What is the Occupy camp at St. Paul’s really like?

It’s almost impossible to see through the spin and opinion in the mainstream media to get a picture of what the Occupy London Stock Exchange (LSX) camp at St. Paul’s is really like. Earlier this week a friend and I spent the morning there to get a feel of what’s going on…
Welcome tent: “Caring is everyone’s business. Our presence here expresses concern for global eco-nomics and social justice.”
From the welcome tent onwards the camp was clean and well organised. Events, activities, seminars, noticeboards, jobs to do, FAQ – it’s all there.
The Welcome tent backs onto the library and ‘tent university’ (a room for seminars.)
Everyone I spoke to seemed to have a clear role – chef, taking witness statements, welfare team, clean-up, London corporation policy group, welcome crew, press spokesperson.
The Public face:
We try to answer the questions of all the general public properly and with respect. At night we get drunk bankers coming to ‘confess’ and we talk. If someone comes angry and pissed up we ask them to come back tomorrow.”
A cup of tea, serenaded by the piano (donation box available). It struck me how well everyone I spoke to genuinely listened, even when they disagreed. I half expected everyone to rant on their chosen hobbyhorse, but there was  a strong culture of interest and discussion.
When someone came in with a bottle of vodka the person responsible moved him on straight away.
“There was alcohol trouble in the tea tent a few days ago – I’m making it nice again.”
The police are a constant background presence, but no-one I spoke to mentioned them.
The General Assembly is held on St. Paul’s steps twice a day and operates by consensus (sadly we couldn’t stay for it), but the Working groups mean that those prepared to do the work rather than just criticise have more influence.
“I don’t normally go to the GAs. I abide by what they say, but they go on soooo long.”
“There’s some people who think that they run the place, but they don’t. We all lead ourselves and that then influences others around us in particular areas.”
I asked quite a few people where they thought the camp was going and what would be the end result. It seemed like I was asking the wrong question.
There’s lots of people working on specific concrete demands in various areas, but somehow that wasn’t the primary focus. Instead people wanted to create a safe space where people could talk and be themselves outside of the mainstream system. Process was as important as outcome.They wanted to model  something different in terms of decision making and human interaction.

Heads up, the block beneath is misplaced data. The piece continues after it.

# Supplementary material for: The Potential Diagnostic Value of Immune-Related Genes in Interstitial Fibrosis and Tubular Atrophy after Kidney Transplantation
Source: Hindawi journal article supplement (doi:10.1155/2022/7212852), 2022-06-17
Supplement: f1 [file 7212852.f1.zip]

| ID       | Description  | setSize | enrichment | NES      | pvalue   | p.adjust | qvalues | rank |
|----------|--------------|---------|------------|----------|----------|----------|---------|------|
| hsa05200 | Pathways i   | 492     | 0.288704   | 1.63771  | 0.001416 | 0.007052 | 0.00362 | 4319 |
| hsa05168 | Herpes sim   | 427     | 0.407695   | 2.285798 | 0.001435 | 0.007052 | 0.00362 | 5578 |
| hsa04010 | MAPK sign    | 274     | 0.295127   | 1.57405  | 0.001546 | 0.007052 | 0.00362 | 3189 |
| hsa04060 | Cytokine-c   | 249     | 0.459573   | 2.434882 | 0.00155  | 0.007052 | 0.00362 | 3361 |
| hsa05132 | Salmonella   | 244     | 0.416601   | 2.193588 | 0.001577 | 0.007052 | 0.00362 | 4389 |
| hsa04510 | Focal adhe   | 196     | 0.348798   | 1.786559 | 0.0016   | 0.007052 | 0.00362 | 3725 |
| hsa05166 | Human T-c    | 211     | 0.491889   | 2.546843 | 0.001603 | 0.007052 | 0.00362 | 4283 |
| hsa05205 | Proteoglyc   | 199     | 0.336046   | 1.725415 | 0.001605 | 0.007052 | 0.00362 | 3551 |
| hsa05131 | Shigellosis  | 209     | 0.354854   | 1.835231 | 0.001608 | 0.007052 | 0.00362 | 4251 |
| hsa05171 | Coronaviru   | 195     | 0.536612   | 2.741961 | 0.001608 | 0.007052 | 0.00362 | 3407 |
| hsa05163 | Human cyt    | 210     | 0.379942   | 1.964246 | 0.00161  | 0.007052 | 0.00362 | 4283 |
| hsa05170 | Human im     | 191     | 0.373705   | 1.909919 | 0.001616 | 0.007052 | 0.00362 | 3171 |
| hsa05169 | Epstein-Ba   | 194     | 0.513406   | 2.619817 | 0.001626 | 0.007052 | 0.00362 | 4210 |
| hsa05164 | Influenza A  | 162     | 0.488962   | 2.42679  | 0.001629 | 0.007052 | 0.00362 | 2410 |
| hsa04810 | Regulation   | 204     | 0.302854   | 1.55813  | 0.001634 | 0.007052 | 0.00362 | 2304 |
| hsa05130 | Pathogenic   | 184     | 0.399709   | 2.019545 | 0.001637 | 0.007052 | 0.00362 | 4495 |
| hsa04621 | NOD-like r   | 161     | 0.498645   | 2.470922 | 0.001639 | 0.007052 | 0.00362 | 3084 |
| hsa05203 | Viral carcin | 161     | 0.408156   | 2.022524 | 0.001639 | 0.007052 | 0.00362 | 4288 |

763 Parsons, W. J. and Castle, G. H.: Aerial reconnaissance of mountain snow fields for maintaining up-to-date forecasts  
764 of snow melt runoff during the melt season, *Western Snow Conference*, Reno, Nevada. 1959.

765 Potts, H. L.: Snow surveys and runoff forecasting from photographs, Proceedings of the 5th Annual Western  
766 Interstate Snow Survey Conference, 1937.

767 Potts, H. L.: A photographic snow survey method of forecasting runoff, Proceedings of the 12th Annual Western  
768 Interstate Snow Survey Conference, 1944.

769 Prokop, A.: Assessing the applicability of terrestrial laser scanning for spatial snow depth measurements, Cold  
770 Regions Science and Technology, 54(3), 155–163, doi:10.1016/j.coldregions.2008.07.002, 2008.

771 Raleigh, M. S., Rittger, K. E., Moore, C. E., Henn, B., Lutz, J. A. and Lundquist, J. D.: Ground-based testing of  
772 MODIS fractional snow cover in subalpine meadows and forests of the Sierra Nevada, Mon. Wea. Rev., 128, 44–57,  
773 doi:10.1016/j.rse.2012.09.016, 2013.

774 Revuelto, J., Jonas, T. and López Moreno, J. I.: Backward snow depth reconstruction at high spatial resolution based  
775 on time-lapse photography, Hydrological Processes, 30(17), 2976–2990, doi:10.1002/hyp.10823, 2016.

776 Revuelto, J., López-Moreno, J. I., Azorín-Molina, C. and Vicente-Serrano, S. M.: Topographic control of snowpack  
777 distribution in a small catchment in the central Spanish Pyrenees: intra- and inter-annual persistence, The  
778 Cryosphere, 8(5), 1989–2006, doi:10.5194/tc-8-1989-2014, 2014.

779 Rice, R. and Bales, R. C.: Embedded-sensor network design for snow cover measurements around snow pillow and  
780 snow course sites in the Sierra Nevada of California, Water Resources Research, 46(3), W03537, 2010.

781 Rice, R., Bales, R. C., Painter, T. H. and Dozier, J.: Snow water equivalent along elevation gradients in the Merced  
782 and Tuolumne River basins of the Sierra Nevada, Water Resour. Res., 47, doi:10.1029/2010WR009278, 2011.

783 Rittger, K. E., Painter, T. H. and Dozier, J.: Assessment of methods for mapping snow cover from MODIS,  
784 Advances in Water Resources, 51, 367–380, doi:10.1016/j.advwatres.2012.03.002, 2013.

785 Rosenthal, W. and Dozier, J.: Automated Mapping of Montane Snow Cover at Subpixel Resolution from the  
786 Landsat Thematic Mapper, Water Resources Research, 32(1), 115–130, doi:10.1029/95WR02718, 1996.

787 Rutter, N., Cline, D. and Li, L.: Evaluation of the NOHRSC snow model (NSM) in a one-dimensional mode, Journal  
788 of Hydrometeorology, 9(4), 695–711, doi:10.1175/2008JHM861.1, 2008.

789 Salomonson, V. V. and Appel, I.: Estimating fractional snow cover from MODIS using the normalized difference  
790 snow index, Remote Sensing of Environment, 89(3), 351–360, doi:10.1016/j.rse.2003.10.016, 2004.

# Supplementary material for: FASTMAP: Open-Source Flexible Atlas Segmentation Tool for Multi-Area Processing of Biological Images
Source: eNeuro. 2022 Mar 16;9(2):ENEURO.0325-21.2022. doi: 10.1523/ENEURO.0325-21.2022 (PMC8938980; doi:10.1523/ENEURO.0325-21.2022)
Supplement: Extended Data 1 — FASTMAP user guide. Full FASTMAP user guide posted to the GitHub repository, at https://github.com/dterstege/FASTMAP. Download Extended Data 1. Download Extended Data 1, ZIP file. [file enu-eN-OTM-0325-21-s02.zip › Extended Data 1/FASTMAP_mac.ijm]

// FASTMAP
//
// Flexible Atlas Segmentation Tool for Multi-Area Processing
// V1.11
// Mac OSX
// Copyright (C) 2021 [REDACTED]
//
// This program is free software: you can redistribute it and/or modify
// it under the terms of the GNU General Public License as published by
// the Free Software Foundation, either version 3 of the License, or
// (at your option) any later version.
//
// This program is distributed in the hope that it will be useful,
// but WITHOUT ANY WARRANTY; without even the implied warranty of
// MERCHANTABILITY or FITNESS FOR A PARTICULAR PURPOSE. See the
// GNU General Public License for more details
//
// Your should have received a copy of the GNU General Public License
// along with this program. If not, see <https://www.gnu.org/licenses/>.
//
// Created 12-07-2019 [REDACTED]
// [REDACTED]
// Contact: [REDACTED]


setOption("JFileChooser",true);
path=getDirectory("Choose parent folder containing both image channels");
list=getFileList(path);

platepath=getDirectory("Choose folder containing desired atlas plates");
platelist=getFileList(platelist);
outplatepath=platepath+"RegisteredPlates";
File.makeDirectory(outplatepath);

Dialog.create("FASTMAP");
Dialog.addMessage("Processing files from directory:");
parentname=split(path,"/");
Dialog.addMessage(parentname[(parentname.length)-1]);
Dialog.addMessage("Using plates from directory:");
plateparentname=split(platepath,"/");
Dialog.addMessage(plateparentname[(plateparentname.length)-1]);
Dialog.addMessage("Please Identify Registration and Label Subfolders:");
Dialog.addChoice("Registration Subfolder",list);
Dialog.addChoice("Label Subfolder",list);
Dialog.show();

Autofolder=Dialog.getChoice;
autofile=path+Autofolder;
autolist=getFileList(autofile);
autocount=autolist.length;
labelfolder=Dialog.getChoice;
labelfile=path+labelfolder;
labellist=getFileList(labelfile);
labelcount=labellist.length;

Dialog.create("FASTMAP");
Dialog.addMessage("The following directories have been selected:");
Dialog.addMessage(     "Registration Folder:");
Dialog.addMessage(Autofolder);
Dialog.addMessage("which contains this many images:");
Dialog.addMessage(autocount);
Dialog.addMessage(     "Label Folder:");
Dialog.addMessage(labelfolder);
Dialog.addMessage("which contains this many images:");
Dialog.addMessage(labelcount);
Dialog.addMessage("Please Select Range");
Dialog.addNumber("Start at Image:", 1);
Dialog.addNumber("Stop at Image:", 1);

Some  talked of going home for a few days, some said that this was there home now.
“I came to visit a friend of mine and I’ve never left. I’ve no plans to go.  This is where I need to be.”

5 thoughts on “What is the Occupy camp at St. Paul’s really like?”

  1. Would be interested to hear what you picked up that hadn’t already been reported ithrough the spin and opinion of the mainstream media?


  2. I visited about a month ago – you so eloquently document many of the thoughts and feelings I had about being there. I went initially as a response to the church starting legal proceedings to get them off site – to support the occupation. Also to stand with them as a move against the huge inequality that is in our society. Everyone I spoke to wanted dialogue – for these issue to be on the table. At the General Assembly there were many speaking from different facets of the issue – against fuel poverty, ex-service/war veterans, church liaison groups. I also spent time talking to many of the ‘suits’ who were watching from the periphery of the camp.

    Since then I have visited the Occupy Bournemouth camp and try to stay on touch with developments through various web sites
    http://occupylsx.org/http://occupylsx.org/?p=1526 – article on tax havens


    1. Hi Leona,
      Thanks for your comment – what was Occupy Bournemouth like? How big is it and whose land are they on? I’ve often wondered how the camps out of London are getting on largely out of the media glare and what the people are like that actually got them started?


  3. Hi Victoria,

    All the stories initially were (understandably) around the eviction / relationship with St. Paul’s & London Corporation / the resignations etc not looking at how the camp actually worked or were trying to do.

    There’s been another group of stories that sets out to prove that the people in the camp are contradictory / hypocritical (the going to coffee in Starbucks stuff etc). Often they’ve been described as ‘protestors’ or ‘anti-capitalist’ without really investigating what that means and the terms have been used in loaded/perjorative ways.

    I’d been impressed by Occupy’s constructive, but assertive dialogue and tactics and the relative lack of just yelling/moaning protests and expecting everyone else to sort things out. I guess I wanted to see whether that impression I formed was accurate and try and understand how things were working in practice, with as little agenda as possible (although obviously I am going in broadly sympathetic). I wanted to find out about how the messy tensions of consensus-building democracy have worked without either jumping on or ignoring every mistake. That kind of approach is very hard to find in the mainstream media – it’s difficult to find ‘the story’ around it and it’s not polemical/opinion driven.

    What were your experiences down there?


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